Aramaic: (n) a Semitic language, a Syrian dialect which was used as a lingua franca in the Near East from the 6th century BC. It gradually replaced Hebrew as the language of the Jews in those areas and was itself supplanted by Arabic in the 7th century AD.
Sometimes choosing to pursue what reaches people causes you to be rejected by the upper crust smart-asses.
When we look at the life of Jesus through the prism of his choices instead of a religious aspect–considering his divinity–we learn much more about the man than we do by merely tagging him as Savior.
He spoke Aramaic.
It was not the popular choice for those who deemed themselves to be intellectual. All of the religious leaders of the day favored Hebrew. Matter of fact, it was a class distinction. The rich and prosperous considered Aramaic to be guttural and beneath their silver “tongues of plenty.”
So immediately, when Jesus spoke in Aramaic, it was assumed that he was stupid, backwoods and uneducated.
It is the same sensation that many white folks might express when they hear a black minister using Ebonics. We are infested with a need to be superior. It is the opposite of the Golden Rule–“do unto others as you would have them do unto you”–which was the central theme of the ministry of Jesus. So it would be a bit contradictory to talk to the common folk about commonality while using an uncommon tongue.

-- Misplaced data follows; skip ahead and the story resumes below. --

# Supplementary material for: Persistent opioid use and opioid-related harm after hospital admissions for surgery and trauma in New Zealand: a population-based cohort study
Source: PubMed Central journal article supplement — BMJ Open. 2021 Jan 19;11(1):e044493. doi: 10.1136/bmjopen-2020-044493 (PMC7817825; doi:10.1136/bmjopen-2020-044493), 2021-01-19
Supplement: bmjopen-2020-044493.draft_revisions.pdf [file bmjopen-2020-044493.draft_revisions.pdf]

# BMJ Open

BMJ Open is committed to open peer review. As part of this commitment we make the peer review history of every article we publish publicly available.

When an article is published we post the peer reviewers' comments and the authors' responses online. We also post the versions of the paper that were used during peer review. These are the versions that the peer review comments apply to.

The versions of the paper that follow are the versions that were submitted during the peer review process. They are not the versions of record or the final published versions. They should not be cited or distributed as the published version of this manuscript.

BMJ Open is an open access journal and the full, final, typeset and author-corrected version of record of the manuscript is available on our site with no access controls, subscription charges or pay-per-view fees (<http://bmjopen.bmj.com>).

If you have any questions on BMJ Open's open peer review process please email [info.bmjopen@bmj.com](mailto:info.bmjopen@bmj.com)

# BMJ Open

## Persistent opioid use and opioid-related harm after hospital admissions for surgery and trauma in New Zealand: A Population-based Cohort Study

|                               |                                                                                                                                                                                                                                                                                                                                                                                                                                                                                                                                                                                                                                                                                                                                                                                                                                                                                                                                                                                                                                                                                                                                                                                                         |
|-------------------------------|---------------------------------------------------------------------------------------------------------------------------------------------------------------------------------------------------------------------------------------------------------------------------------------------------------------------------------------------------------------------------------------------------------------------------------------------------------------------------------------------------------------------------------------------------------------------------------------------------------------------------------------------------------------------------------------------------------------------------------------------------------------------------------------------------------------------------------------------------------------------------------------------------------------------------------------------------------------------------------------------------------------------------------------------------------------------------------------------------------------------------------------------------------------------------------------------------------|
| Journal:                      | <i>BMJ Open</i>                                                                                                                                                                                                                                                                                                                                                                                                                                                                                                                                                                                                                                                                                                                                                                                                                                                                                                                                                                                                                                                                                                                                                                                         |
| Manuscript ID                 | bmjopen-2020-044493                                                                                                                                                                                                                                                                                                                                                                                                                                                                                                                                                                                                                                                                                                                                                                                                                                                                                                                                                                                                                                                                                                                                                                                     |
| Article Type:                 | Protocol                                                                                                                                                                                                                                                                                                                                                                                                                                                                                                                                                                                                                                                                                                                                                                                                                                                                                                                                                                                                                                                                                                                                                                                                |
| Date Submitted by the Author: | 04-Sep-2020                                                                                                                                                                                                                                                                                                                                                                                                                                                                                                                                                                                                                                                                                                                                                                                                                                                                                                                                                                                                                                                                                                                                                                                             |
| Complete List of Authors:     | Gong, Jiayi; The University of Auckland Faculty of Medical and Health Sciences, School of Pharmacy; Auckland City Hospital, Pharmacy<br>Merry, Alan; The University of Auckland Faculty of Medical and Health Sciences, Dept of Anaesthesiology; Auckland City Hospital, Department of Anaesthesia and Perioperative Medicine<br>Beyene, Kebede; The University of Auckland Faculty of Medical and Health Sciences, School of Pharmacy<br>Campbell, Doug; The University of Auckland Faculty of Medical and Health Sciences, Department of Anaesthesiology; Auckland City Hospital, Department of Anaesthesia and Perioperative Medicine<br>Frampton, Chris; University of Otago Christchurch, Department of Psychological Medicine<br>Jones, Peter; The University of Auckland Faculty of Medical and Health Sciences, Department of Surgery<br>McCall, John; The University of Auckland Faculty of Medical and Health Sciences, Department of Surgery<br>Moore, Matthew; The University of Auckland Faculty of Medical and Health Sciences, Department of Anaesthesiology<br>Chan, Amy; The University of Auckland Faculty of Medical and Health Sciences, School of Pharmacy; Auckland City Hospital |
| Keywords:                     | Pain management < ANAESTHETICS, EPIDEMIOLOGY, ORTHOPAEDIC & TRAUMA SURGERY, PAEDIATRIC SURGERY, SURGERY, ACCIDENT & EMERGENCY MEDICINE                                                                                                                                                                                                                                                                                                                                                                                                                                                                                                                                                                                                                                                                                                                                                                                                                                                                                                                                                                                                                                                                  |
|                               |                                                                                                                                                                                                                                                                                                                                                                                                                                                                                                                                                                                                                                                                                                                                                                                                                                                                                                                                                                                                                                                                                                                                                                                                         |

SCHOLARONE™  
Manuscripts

Interesting thing, though–by the time Christianity spread across Mesopotamia, Hebrew had been replaced by Aramaic. And much to the chagrin of many evangelicals, speaking Aramaic was also Jesus’ way of separating himself from the Jews and including himself with all of Arabia.
So be careful when you make Jesus a Jew or when you project onto him a theologian’s demeanor.
He was the Son of Man, who spoke the language of men who had sons who worked hard … and he dared to be considered ignorant in doing so.
Thank you for enjoying Words from Dic(tionary) — J.R. Practix